Twitter is not about technology, it’s about people….
Sorry, Biz, but that last assertion doesn’t hold up. Of course Twitter is first and foremost about technology, and your denial of something so obvious in this context makes me wonder if you are being straight up in the rest of the post. I’m left with dwindling time, several questions and a wish that someone would help me figure them out:
1. Why did they have to nick my name? (This, dear reader, is a rhetorical question and does not require an answer.) I’m so glad I claimed my URL on Technorati back in September.
2. How much does it cost to make a bottle of that wine? If it’s less than $15, where does the rest of the money go? (This is, after all, “the largest social wine-making process in history,” according to the promo video.)
3. How does Twitter calculate that it is “only one percent into its journey”? Are the mixed metaphors symptomatic in some way that matters?
4. What “percentage” – or what niche – of Twitter users do they reckon will pony up $20 USD for an untried bottle?
5. How transparent is the Twitter blog?
10/15/2009 #Trafigura v Twitter
In an attempt to provide readers of this blog with a red thread that identifies its component parts and ties them loosely together (cf. the allusion to Goethe’s Elective Affinities – literary source of the figure of the red thread – in a prior post), I dutifully re-read my last entry, on Steven Johnson’s analysis of Twitter. I was reminded just how right he is to highlight the importance of user innovations since Twitter’s inception, and especially how, “thanks to these innovations, following a live feed of tweets about an event…has become a central part of the Twitter experience. But just 12 months ago [he was writing in June, 2009], that mode of interaction would have been technically impossible using Twitter.”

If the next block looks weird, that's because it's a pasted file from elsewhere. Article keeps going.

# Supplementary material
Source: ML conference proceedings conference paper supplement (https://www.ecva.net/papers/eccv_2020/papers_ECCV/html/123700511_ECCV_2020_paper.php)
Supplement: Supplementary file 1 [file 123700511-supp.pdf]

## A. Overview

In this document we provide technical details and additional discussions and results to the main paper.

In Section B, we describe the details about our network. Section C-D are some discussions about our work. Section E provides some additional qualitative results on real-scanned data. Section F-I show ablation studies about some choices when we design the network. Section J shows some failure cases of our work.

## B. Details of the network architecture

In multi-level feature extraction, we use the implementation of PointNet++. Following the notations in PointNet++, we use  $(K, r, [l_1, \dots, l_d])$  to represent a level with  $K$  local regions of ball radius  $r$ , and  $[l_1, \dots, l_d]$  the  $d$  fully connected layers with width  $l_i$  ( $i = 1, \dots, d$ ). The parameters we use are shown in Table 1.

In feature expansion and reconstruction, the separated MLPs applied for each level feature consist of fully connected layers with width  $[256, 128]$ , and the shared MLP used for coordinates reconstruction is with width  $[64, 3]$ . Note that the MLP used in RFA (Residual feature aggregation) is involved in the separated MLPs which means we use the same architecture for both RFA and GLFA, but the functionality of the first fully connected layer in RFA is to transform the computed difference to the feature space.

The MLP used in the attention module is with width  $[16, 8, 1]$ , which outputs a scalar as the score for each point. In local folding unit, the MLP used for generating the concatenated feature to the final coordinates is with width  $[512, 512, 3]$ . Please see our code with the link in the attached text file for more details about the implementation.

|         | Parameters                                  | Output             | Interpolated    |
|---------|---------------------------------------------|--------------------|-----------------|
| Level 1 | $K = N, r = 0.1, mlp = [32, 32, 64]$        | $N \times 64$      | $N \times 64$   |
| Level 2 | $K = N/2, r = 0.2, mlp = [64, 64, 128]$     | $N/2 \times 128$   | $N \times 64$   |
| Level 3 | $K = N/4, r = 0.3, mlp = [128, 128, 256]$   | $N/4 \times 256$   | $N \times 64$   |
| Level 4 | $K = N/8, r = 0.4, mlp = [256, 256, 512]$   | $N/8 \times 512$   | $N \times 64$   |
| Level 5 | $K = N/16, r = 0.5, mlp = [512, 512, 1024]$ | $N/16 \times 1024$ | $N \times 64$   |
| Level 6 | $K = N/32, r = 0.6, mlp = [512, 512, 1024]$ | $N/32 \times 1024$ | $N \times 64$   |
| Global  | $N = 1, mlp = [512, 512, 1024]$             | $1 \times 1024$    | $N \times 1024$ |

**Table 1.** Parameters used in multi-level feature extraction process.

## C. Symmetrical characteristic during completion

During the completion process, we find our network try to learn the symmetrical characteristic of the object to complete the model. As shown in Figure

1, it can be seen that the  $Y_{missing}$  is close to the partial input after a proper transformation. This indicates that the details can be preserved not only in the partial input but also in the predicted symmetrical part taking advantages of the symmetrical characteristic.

In fact I had, moments earlier, been doing just that: following a “live” or “real-time” feed of tweets turned up by my Twitter search under the hashtag #Trafigura. As I tweeted yesterday, Trafigura – a moniker new to me – sounded like the name of the horse that finished third. A cursory survey of etymological sources yielded little of interest, though it pointed to other terms, including prefigure and disfigure, that are not without relevance to the high-stakes unfolding over the last few days.